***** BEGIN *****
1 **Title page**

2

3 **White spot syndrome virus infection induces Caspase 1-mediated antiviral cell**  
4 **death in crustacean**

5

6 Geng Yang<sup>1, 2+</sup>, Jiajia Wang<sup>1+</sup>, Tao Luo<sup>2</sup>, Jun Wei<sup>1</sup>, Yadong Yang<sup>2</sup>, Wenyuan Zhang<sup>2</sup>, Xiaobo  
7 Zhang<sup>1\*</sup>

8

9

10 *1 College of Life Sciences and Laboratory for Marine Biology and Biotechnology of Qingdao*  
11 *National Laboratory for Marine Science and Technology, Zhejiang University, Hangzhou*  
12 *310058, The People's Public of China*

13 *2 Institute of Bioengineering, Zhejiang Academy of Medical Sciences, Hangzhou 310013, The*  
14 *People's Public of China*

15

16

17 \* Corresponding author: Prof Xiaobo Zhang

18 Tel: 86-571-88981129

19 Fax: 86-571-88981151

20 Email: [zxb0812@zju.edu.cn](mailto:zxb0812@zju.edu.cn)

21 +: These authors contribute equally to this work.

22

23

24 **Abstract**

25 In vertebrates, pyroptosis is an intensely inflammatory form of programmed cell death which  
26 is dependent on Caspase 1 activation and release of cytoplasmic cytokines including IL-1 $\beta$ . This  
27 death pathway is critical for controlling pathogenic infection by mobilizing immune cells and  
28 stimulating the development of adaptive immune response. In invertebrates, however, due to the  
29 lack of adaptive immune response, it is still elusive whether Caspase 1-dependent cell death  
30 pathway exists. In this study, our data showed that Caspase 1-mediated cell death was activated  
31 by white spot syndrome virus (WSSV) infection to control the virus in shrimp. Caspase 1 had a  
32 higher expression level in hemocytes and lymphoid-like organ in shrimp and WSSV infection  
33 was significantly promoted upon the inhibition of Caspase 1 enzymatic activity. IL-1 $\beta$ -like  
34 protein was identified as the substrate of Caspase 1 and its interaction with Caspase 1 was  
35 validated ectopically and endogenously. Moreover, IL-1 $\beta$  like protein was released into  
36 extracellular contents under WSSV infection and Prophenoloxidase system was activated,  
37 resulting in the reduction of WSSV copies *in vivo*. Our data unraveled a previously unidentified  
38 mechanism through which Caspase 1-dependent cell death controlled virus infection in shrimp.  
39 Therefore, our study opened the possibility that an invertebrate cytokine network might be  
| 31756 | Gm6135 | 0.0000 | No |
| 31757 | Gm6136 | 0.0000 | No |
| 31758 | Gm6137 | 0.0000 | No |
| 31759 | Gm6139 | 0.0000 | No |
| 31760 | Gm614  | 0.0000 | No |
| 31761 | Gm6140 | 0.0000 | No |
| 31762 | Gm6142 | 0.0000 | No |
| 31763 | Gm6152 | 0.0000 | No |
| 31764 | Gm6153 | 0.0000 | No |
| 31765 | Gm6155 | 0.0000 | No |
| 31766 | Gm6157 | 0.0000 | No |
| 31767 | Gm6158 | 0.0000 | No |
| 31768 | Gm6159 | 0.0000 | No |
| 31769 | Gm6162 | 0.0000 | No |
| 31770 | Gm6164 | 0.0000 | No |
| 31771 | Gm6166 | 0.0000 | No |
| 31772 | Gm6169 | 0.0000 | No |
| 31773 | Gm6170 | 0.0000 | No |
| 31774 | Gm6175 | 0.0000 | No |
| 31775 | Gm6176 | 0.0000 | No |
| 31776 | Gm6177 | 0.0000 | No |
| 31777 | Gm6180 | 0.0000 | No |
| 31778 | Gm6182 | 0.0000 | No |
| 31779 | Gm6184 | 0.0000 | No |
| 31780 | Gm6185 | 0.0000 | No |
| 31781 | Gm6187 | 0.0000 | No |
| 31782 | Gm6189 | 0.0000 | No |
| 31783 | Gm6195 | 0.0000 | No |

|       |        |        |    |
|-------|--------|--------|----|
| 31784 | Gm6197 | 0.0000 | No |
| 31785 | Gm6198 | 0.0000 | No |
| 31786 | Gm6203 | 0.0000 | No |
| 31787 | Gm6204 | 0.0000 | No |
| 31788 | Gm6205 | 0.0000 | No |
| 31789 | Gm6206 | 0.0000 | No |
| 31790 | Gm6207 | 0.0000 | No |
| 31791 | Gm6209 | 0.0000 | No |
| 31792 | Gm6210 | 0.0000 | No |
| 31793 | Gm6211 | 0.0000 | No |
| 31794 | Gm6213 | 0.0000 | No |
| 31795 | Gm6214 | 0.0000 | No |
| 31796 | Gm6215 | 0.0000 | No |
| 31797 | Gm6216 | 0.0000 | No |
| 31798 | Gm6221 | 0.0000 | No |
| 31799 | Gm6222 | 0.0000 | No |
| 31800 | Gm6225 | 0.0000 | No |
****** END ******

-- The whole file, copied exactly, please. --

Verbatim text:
1 **Title page**

2

3 **White spot syndrome virus infection induces Caspase 1-mediated antiviral cell**  
4 **death in crustacean**

5

6 Geng Yang<sup>1, 2+</sup>, Jiajia Wang<sup>1+</sup>, Tao Luo<sup>2</sup>, Jun Wei<sup>1</sup>, Yadong Yang<sup>2</sup>, Wenyuan Zhang<sup>2</sup>, Xiaobo  
7 Zhang<sup>1\*</sup>

8

9

10 *1 College of Life Sciences and Laboratory for Marine Biology and Biotechnology of Qingdao*  
11 *National Laboratory for Marine Science and Technology, Zhejiang University, Hangzhou*  
12 *310058, The People's Public of China*

13 *2 Institute of Bioengineering, Zhejiang Academy of Medical Sciences, Hangzhou 310013, The*  
14 *People's Public of China*

15

16

17 \* Corresponding author: Prof Xiaobo Zhang

18 Tel: 86-571-88981129

19 Fax: 86-571-88981151

20 Email: [zxb0812@zju.edu.cn](mailto:zxb0812@zju.edu.cn)

21 +: These authors contribute equally to this work.

22

23

24 **Abstract**

25 In vertebrates, pyroptosis is an intensely inflammatory form of programmed cell death which  
26 is dependent on Caspase 1 activation and release of cytoplasmic cytokines including IL-1 $\beta$ . This  
27 death pathway is critical for controlling pathogenic infection by mobilizing immune cells and  
28 stimulating the development of adaptive immune response. In invertebrates, however, due to the  
29 lack of adaptive immune response, it is still elusive whether Caspase 1-dependent cell death  
30 pathway exists. In this study, our data showed that Caspase 1-mediated cell death was activated  
31 by white spot syndrome virus (WSSV) infection to control the virus in shrimp. Caspase 1 had a  
32 higher expression level in hemocytes and lymphoid-like organ in shrimp and WSSV infection  
33 was significantly promoted upon the inhibition of Caspase 1 enzymatic activity. IL-1 $\beta$ -like  
34 protein was identified as the substrate of Caspase 1 and its interaction with Caspase 1 was  
35 validated ectopically and endogenously. Moreover, IL-1 $\beta$  like protein was released into  
36 extracellular contents under WSSV infection and Prophenoloxidase system was activated,  
37 resulting in the reduction of WSSV copies *in vivo*. Our data unraveled a previously unidentified  
38 mechanism through which Caspase 1-dependent cell death controlled virus infection in shrimp.  
39 Therefore, our study opened the possibility that an invertebrate cytokine network might be  
| 31756 | Gm6135 | 0.0000 | No |
| 31757 | Gm6136 | 0.0000 | No |
| 31758 | Gm6137 | 0.0000 | No |
| 31759 | Gm6139 | 0.0000 | No |
| 31760 | Gm614  | 0.0000 | No |
| 31761 | Gm6140 | 0.0000 | No |
| 31762 | Gm6142 | 0.0000 | No |
| 31763 | Gm6152 | 0.0000 | No |
| 31764 | Gm6153 | 0.0000 | No |
| 31765 | Gm6155 | 0.0000 | No |
| 31766 | Gm6157 | 0.0000 | No |
| 31767 | Gm6158 | 0.0000 | No |
| 31768 | Gm6159 | 0.0000 | No |
| 31769 | Gm6162 | 0.0000 | No |
| 31770 | Gm6164 | 0.0000 | No |
| 31771 | Gm6166 | 0.0000 | No |
| 31772 | Gm6169 | 0.0000 | No |
| 31773 | Gm6170 | 0.0000 | No |
| 31774 | Gm6175 | 0.0000 | No |
| 31775 | Gm6176 | 0.0000 | No |
| 31776 | Gm6177 | 0.0000 | No |
| 31777 | Gm6180 | 0.0000 | No |
| 31778 | Gm6182 | 0.0000 | No |
| 31779 | Gm6184 | 0.0000 | No |
| 31780 | Gm6185 | 0.0000 | No |
| 31781 | Gm6187 | 0.0000 | No |
| 31782 | Gm6189 | 0.0000 | No |
| 31783 | Gm6195 | 0.0000 | No |

|       |        |        |    |
|-------|--------|--------|----|
| 31784 | Gm6197 | 0.0000 | No |
| 31785 | Gm6198 | 0.0000 | No |
| 31786 | Gm6203 | 0.0000 | No |
| 31787 | Gm6204 | 0.0000 | No |
| 31788 | Gm6205 | 0.0000 | No |
| 31789 | Gm6206 | 0.0000 | No |
| 31790 | Gm6207 | 0.0000 | No |
| 31791 | Gm6209 | 0.0000 | No |
| 31792 | Gm6210 | 0.0000 | No |
| 31793 | Gm6211 | 0.0000 | No |
| 31794 | Gm6213 | 0.0000 | No |
| 31795 | Gm6214 | 0.0000 | No |
| 31796 | Gm6215 | 0.0000 | No |
| 31797 | Gm6216 | 0.0000 | No |
| 31798 | Gm6221 | 0.0000 | No |
| 31799 | Gm6222 | 0.0000 | No |
| 31800 | Gm6225 | 0.0000 | No |